Poorly designed emails are about as effective as trying to give a sales pitch while your consumer is wearing earplugs. It doesn’t matter how loud you shout. They’re not going to hear your message.
Similarly, it doesn’t matter how many emails you jam into their inboxes, they’re not going to hear your message if you don’t stand out.
Don’t allow your message to get lost in the white noise. Here are some ways to format your emails that will prompt a better response from your consumers.
Put in some personality
Every brand has a certain personality and culture associated with it. Format your message in a way that will best portray these two attributes. At first glance, it’ll help remind consumers of your brand, prompting them to read more. Or at least preventing them from clicking delete right off the bat.
Keep it simple
You don’t want your call to action to get lost. So don’t bury it beneath a flashy graphic or a block of text. Put it towards the top in a place where recipients can see it without having to scroll down. Use bullet points to highlight the most important information. People appreciate a message that’s easy to read and gets to the point.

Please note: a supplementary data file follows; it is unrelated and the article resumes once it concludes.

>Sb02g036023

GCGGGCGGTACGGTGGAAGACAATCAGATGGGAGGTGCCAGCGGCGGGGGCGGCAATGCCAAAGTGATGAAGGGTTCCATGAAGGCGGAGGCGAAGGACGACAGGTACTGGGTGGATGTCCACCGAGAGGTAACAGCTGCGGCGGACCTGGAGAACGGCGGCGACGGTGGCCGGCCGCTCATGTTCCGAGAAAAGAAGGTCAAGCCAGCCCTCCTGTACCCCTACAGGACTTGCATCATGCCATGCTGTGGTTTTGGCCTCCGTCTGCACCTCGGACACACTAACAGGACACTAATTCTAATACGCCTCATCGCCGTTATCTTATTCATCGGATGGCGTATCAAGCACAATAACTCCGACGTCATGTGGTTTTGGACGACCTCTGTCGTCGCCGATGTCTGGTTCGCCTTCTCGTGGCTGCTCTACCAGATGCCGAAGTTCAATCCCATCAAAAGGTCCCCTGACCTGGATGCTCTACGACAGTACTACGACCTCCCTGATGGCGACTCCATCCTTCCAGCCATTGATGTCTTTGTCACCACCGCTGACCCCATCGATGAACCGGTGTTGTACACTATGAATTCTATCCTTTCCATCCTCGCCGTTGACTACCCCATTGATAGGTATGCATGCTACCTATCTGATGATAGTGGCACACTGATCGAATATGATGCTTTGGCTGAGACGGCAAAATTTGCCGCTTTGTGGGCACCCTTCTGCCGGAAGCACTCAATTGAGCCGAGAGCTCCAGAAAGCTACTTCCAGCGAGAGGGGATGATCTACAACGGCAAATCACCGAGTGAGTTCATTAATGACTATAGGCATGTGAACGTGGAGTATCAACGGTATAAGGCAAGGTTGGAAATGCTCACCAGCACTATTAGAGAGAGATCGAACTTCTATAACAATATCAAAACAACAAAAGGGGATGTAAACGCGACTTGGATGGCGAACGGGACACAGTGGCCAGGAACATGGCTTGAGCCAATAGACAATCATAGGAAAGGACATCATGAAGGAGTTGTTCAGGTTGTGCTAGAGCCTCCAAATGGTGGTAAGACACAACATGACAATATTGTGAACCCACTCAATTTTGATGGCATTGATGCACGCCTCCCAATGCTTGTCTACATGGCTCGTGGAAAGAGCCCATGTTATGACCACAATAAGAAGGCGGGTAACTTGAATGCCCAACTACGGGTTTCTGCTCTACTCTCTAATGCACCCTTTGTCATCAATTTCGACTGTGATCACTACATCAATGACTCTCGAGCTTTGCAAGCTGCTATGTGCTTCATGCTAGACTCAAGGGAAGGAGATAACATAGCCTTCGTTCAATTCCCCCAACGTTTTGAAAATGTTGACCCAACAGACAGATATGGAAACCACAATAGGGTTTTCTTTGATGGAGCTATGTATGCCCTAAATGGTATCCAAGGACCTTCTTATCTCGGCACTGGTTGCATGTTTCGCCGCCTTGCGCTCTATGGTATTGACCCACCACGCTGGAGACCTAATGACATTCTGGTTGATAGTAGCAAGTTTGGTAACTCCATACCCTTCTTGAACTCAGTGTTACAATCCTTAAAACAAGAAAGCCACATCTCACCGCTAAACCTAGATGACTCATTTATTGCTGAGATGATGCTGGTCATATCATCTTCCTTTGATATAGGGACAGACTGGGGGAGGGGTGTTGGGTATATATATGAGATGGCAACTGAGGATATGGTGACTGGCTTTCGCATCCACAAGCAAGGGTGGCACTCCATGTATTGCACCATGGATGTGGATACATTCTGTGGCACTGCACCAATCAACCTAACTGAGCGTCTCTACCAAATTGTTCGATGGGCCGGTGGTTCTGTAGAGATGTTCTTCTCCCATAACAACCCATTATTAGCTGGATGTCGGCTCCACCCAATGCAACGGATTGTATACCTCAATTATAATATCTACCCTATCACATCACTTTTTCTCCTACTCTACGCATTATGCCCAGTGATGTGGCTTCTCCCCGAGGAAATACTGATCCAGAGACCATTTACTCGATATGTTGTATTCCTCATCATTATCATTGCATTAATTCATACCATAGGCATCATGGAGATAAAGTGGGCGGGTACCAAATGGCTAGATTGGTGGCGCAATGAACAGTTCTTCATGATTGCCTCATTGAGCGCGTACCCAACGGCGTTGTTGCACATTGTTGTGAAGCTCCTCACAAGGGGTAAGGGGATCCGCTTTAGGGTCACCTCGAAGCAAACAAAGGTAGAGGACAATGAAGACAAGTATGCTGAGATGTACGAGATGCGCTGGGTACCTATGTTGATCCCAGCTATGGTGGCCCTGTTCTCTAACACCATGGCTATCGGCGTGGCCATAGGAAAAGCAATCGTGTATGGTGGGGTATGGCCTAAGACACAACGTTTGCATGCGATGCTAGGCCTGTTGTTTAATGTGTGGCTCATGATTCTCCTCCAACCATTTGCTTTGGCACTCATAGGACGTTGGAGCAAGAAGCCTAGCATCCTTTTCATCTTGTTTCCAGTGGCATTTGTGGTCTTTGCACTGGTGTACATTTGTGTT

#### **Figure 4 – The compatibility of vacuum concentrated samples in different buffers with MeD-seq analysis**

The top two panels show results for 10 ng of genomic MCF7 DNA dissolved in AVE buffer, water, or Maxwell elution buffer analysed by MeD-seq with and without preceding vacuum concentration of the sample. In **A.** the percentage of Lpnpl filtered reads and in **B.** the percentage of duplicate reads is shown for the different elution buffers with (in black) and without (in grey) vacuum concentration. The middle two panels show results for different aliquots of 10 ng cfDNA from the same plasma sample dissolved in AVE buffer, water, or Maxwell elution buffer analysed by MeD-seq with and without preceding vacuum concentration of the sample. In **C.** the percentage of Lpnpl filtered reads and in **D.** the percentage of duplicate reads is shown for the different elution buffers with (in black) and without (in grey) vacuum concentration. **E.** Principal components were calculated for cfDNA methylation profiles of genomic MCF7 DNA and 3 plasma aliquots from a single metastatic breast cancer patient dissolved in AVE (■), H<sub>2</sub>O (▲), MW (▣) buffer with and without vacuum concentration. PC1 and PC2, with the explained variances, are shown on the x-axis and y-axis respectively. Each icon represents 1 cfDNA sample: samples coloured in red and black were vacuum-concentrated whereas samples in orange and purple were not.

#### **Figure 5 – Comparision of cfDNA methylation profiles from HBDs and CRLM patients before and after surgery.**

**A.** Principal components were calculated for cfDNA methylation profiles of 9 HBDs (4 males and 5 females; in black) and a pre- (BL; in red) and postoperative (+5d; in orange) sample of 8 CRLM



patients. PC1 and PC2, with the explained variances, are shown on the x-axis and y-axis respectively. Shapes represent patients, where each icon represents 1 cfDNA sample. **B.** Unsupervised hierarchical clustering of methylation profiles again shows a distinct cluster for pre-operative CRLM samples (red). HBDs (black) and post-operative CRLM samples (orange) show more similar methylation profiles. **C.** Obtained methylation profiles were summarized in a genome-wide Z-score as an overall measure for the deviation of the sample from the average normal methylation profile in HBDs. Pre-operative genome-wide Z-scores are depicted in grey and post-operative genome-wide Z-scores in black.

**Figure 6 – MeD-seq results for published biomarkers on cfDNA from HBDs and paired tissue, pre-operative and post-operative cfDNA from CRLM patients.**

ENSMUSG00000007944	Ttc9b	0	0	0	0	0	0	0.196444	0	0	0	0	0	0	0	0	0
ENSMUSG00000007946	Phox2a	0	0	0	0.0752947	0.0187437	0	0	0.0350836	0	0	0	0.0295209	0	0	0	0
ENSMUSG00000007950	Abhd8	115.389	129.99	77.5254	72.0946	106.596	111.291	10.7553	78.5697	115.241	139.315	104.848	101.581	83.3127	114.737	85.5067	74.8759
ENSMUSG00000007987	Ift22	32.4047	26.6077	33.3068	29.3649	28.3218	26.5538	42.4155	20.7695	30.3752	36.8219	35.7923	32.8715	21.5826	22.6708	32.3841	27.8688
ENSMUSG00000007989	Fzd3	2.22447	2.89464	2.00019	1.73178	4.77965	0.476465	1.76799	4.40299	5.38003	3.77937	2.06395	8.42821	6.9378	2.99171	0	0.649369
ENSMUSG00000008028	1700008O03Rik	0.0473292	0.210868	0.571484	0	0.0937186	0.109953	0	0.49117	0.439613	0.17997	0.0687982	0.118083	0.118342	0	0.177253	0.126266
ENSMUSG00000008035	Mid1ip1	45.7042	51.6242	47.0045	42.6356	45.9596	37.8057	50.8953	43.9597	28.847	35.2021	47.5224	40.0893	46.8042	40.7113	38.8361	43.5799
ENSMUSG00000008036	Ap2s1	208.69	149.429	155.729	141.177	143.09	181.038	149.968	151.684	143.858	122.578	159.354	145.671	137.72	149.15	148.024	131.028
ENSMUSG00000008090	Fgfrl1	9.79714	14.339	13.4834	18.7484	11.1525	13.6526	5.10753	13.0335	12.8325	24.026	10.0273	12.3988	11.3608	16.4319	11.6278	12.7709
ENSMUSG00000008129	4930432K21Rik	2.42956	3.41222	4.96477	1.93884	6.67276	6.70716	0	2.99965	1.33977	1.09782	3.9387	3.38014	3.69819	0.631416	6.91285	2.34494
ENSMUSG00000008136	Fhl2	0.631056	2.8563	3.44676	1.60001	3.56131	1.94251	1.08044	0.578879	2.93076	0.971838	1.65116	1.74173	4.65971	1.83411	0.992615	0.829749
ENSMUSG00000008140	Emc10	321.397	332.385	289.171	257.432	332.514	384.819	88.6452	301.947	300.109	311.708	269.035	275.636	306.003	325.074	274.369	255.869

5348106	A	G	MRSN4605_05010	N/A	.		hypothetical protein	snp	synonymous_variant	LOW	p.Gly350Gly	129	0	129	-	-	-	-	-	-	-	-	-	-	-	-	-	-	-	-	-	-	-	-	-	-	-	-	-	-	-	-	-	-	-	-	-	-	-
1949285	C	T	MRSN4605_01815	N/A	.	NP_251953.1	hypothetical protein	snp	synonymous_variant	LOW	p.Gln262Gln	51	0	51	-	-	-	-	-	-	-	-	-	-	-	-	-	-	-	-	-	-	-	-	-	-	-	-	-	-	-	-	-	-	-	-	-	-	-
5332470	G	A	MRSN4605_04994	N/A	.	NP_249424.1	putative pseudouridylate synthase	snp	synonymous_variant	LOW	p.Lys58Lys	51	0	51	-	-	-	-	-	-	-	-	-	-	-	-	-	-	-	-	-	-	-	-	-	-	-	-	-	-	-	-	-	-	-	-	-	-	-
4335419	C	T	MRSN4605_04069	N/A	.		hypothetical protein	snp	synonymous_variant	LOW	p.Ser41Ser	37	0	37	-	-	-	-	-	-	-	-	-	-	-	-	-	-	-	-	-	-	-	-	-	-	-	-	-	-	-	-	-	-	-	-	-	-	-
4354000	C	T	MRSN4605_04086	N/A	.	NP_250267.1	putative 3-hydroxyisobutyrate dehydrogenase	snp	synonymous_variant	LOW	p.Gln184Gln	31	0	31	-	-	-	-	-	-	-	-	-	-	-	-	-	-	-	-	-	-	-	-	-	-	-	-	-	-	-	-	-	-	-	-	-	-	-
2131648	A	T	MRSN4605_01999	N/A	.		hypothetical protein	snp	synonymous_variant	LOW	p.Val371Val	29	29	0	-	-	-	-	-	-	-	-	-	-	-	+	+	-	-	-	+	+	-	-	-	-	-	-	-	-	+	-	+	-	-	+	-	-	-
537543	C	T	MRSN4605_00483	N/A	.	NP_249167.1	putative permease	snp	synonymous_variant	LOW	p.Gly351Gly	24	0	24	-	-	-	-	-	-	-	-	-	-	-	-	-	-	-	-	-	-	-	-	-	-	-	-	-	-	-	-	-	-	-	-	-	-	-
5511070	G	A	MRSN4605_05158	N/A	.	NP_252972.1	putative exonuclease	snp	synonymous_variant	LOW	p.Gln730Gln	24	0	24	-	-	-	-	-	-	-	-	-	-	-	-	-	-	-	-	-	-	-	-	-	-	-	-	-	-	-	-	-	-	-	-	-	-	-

These days, if you want to stand out, it’s not enough just to target everyone with the same message. If you can, personalize it. If you know what interests your readers, give them additional content that they would find useful or interesting. They’ll remember that, and they’ll probably look for your emails in the future.
Make it easy for your readers to contact you. Even better, allow them to share your message with their friends. Make those social media buttons big and bold (without being obnoxious, of course).
Also, keep in mind that people are probably more likely to approach you with questions or comments if they are provided an email that has someone’s name in it, not just email@example.com.
Email marketing doesn’t have to be a guessing game, and you don’t have to get buried beneath everybody else’s poorly formatted muck. Do something different and get your message heard over all the noise.
Image: Ekkehard Streit